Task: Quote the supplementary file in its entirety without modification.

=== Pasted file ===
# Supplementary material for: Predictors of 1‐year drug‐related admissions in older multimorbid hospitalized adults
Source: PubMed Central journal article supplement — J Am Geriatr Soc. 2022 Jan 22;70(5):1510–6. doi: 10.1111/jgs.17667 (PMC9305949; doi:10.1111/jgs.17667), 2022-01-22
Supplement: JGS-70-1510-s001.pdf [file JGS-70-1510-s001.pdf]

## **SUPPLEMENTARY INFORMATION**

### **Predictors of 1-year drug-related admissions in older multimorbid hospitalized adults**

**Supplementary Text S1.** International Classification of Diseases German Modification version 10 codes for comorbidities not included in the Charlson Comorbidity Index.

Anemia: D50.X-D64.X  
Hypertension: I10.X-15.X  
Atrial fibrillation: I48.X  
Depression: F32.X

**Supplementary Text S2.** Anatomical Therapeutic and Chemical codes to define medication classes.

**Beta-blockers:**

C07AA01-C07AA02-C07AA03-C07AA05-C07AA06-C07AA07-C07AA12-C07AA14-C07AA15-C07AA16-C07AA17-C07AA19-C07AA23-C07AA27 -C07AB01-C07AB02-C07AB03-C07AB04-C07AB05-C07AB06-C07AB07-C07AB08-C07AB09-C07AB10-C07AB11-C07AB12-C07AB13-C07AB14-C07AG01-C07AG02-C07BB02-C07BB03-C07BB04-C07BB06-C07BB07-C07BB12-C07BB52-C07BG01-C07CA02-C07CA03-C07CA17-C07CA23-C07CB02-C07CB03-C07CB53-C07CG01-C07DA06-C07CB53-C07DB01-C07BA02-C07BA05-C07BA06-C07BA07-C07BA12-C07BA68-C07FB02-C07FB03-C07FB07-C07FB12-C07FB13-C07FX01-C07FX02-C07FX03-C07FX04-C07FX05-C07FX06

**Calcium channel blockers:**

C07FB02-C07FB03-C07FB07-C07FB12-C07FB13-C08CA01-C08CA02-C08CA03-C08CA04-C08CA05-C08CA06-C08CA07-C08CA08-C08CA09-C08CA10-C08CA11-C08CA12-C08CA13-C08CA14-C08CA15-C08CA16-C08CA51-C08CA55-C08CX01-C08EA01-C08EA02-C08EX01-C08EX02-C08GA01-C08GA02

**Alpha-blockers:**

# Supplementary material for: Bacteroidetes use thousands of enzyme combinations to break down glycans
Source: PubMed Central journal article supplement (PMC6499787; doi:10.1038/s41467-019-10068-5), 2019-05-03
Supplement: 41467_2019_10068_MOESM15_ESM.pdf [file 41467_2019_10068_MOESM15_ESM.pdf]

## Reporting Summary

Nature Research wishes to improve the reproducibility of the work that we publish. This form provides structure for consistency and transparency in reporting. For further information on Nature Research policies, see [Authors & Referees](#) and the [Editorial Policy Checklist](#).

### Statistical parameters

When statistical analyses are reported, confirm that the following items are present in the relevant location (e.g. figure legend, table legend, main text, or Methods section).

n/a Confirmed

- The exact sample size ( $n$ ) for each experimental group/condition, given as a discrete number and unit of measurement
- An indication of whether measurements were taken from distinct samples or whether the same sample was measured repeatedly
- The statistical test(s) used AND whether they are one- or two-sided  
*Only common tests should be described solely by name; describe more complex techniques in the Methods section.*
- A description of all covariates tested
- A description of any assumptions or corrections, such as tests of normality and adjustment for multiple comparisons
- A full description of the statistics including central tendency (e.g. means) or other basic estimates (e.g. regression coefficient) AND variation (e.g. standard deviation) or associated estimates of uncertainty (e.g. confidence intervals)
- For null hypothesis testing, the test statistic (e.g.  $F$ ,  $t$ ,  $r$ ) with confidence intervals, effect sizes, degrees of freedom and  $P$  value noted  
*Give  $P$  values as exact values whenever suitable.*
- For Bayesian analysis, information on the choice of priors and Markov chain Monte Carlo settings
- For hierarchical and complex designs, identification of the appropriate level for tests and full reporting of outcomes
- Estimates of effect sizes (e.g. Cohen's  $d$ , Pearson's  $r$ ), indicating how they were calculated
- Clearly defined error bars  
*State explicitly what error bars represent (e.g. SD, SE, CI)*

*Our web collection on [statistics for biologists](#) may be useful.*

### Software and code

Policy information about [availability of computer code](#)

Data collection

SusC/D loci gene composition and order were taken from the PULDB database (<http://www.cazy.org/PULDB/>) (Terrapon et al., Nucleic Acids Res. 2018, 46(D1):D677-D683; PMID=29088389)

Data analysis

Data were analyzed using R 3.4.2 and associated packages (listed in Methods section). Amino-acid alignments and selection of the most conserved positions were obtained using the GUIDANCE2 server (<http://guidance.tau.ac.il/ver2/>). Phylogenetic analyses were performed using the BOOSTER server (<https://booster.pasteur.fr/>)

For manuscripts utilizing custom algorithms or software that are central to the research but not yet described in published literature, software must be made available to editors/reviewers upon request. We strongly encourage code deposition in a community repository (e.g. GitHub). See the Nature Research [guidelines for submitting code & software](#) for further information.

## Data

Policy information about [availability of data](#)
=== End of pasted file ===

# Supplementary material for: Predictors of 1‐year drug‐related admissions in older multimorbid hospitalized adults
Source: PubMed Central journal article supplement — J Am Geriatr Soc. 2022 Jan 22;70(5):1510–6. doi: 10.1111/jgs.17667 (PMC9305949; doi:10.1111/jgs.17667), 2022-01-22
Supplement: JGS-70-1510-s001.pdf [file JGS-70-1510-s001.pdf]

## **SUPPLEMENTARY INFORMATION**

### **Predictors of 1-year drug-related admissions in older multimorbid hospitalized adults**

**Supplementary Text S1.** International Classification of Diseases German Modification version 10 codes for comorbidities not included in the Charlson Comorbidity Index.

Anemia: D50.X-D64.X  
Hypertension: I10.X-15.X  
Atrial fibrillation: I48.X  
Depression: F32.X

**Supplementary Text S2.** Anatomical Therapeutic and Chemical codes to define medication classes.

**Beta-blockers:**

C07AA01-C07AA02-C07AA03-C07AA05-C07AA06-C07AA07-C07AA12-C07AA14-C07AA15-C07AA16-C07AA17-C07AA19-C07AA23-C07AA27 -C07AB01-C07AB02-C07AB03-C07AB04-C07AB05-C07AB06-C07AB07-C07AB08-C07AB09-C07AB10-C07AB11-C07AB12-C07AB13-C07AB14-C07AG01-C07AG02-C07BB02-C07BB03-C07BB04-C07BB06-C07BB07-C07BB12-C07BB52-C07BG01-C07CA02-C07CA03-C07CA17-C07CA23-C07CB02-C07CB03-C07CB53-C07CG01-C07DA06-C07CB53-C07DB01-C07BA02-C07BA05-C07BA06-C07BA07-C07BA12-C07BA68-C07FB02-C07FB03-C07FB07-C07FB12-C07FB13-C07FX01-C07FX02-C07FX03-C07FX04-C07FX05-C07FX06

**Calcium channel blockers:**

C07FB02-C07FB03-C07FB07-C07FB12-C07FB13-C08CA01-C08CA02-C08CA03-C08CA04-C08CA05-C08CA06-C08CA07-C08CA08-C08CA09-C08CA10-C08CA11-C08CA12-C08CA13-C08CA14-C08CA15-C08CA16-C08CA51-C08CA55-C08CX01-C08EA01-C08EA02-C08EX01-C08EX02-C08GA01-C08GA02

**Alpha-blockers:**

# Supplementary material for: Bacteroidetes use thousands of enzyme combinations to break down glycans
Source: PubMed Central journal article supplement (PMC6499787; doi:10.1038/s41467-019-10068-5), 2019-05-03
Supplement: 41467_2019_10068_MOESM15_ESM.pdf [file 41467_2019_10068_MOESM15_ESM.pdf]

## Reporting Summary

Nature Research wishes to improve the reproducibility of the work that we publish. This form provides structure for consistency and transparency in reporting. For further information on Nature Research policies, see [Authors & Referees](#) and the [Editorial Policy Checklist](#).

### Statistical parameters

When statistical analyses are reported, confirm that the following items are present in the relevant location (e.g. figure legend, table legend, main text, or Methods section).

n/a Confirmed

- The exact sample size ( $n$ ) for each experimental group/condition, given as a discrete number and unit of measurement
- An indication of whether measurements were taken from distinct samples or whether the same sample was measured repeatedly
- The statistical test(s) used AND whether they are one- or two-sided  
*Only common tests should be described solely by name; describe more complex techniques in the Methods section.*
- A description of all covariates tested
- A description of any assumptions or corrections, such as tests of normality and adjustment for multiple comparisons
- A full description of the statistics including central tendency (e.g. means) or other basic estimates (e.g. regression coefficient) AND variation (e.g. standard deviation) or associated estimates of uncertainty (e.g. confidence intervals)
- For null hypothesis testing, the test statistic (e.g.  $F$ ,  $t$ ,  $r$ ) with confidence intervals, effect sizes, degrees of freedom and  $P$  value noted  
*Give  $P$  values as exact values whenever suitable.*
- For Bayesian analysis, information on the choice of priors and Markov chain Monte Carlo settings
- For hierarchical and complex designs, identification of the appropriate level for tests and full reporting of outcomes
- Estimates of effect sizes (e.g. Cohen's  $d$ , Pearson's  $r$ ), indicating how they were calculated
- Clearly defined error bars  
*State explicitly what error bars represent (e.g. SD, SE, CI)*

*Our web collection on [statistics for biologists](#) may be useful.*

### Software and code

Policy information about [availability of computer code](#)

Data collection

SusC/D loci gene composition and order were taken from the PULDB database (<http://www.cazy.org/PULDB/>) (Terrapon et al., Nucleic Acids Res. 2018, 46(D1):D677-D683; PMID=29088389)

Data analysis

Data were analyzed using R 3.4.2 and associated packages (listed in Methods section). Amino-acid alignments and selection of the most conserved positions were obtained using the GUIDANCE2 server (<http://guidance.tau.ac.il/ver2/>). Phylogenetic analyses were performed using the BOOSTER server (<https://booster.pasteur.fr/>)

For manuscripts utilizing custom algorithms or software that are central to the research but not yet described in published literature, software must be made available to editors/reviewers upon request. We strongly encourage code deposition in a community repository (e.g. GitHub). See the Nature Research [guidelines for submitting code & software](#) for further information.

## Data

Policy information about [availability of data](#)